- Permissions for functions: Most of the time, serverless functions get the same permissions as a server. On the other hand, a serverless function only needs the bare minimum of permissions to run, and giving too many permissions puts the function at risk.
- Component vulnerabilities: Functions often depend on a supply chain of third-party libraries and components. A known flaw in the component could be used to take advantage of the serverless function.
How to Handle Serverless Security
Managing security for serverless systems is all about putting the right controls and policies in place. Cloud server security policies may work well for virtual compute multiple servers in the cloud, but for serverless computing, there needs to be more control, granularity, and visibility.
Lessen Serverless Permissions
One of the most dangerous things about serverless computing is functions that have more permissions than they need. With serverless, you can make the attack surface much smaller by giving all deployed functions the least amount of permissions.
During the development phase of a function, automated checks can be set up in staging environments to reduce the number of privileges. By profiling how a function works, you can find out what privileges it is using while running. With this information, an administrator can turn down access so that only the necessary privileges are turned on.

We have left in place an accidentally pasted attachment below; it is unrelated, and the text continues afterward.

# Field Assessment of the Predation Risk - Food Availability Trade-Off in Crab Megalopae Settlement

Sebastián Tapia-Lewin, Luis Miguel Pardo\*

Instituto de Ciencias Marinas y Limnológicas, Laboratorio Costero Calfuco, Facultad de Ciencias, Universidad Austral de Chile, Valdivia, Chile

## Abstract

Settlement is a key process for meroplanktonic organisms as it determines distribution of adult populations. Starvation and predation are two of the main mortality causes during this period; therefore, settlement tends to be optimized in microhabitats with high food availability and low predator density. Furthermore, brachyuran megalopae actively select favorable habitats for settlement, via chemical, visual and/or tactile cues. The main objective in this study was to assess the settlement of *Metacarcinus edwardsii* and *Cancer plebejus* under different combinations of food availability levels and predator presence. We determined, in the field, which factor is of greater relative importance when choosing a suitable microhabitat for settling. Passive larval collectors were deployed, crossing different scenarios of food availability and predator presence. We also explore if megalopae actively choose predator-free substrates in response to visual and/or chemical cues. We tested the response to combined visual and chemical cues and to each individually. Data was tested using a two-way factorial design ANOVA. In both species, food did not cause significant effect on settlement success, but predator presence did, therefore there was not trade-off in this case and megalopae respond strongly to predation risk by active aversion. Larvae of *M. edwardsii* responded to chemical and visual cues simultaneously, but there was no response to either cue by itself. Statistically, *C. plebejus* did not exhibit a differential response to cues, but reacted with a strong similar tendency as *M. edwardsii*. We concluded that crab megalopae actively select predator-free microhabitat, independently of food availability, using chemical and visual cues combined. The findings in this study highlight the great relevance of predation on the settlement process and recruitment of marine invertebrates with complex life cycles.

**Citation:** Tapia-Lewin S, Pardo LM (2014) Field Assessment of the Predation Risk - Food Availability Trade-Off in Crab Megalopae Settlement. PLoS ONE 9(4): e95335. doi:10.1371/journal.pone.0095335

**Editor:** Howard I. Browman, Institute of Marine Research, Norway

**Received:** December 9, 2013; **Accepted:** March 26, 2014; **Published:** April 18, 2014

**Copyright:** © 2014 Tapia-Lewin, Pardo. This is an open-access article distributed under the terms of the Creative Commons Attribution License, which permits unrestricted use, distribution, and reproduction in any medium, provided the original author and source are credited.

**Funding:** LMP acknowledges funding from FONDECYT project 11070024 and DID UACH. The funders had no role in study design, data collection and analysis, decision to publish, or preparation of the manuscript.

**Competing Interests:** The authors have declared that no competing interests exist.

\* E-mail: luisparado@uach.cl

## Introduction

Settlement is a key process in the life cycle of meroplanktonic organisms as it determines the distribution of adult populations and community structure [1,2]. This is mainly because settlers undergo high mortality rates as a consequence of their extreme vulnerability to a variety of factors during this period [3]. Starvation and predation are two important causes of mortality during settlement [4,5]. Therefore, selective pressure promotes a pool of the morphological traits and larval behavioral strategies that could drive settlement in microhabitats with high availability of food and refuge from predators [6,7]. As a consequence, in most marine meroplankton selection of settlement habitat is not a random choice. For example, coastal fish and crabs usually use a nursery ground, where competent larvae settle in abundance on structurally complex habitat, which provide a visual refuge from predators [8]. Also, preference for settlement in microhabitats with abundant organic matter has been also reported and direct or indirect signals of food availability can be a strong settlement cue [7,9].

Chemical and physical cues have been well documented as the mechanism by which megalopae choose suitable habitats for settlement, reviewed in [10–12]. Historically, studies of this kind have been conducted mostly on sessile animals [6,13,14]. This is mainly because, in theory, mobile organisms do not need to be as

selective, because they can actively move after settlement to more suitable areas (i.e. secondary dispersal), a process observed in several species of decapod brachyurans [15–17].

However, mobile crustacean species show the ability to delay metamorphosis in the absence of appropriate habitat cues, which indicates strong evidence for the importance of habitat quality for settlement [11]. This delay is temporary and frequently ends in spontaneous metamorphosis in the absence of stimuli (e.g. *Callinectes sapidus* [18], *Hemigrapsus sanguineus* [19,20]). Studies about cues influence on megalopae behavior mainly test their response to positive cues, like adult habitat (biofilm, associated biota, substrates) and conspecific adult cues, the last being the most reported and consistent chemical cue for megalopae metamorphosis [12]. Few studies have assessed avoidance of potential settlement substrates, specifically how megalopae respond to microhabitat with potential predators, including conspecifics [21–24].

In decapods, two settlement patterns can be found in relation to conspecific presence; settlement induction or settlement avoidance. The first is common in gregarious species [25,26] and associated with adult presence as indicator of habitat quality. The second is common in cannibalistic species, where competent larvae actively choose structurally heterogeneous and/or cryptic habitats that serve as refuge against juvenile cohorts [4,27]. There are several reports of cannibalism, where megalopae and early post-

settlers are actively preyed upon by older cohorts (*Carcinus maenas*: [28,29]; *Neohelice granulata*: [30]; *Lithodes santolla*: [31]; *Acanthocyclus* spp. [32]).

All functions that call out to a service, whether part of the same cloud provider or not, need access control and verification to help limit risk. Administrators should follow cloud providers’ best practices to make serverless authentication work.
Use the cloud service provider’s controls.
Cloud service providers also have several built-in services that help users find mistakes. For example, those who use AWS Lambda can choose to use AWS Trusted Advisor.
Function Activity Log
Since serverless functions are driven by events and have no state, looking at real-time activity will often miss most of it. A cloud provider or a third party can do serverless logging and monitoring. This creates an audit trail that may be useful for threat hunting if and when it’s needed.
Watch Function Layers
There can be more than one layer to a function, which can call on different codes and libraries from outside the function. By keeping an eye on layers, an administrator may be able to spot attempts at injection and other bad behavior.
Think about third-party security tools
Even though serverless platforms often include some security controls, they usually only cover the platform where the functions run. Several third-party technologies and tools give serverless computing more layers of visibility and control.
Anything new and untested comes with risks, so you need to learn what works well for your organization to get in front of those risks. And security benefits like visibility as well as granularity are only benefits if you employ the right tools and set up the right workflows.
But once you do, you’ll find that the most secure apps in your organization are the ones you rethought with Lambda, API Gateway, and DynamoDb and secured with the right channels for serverless security.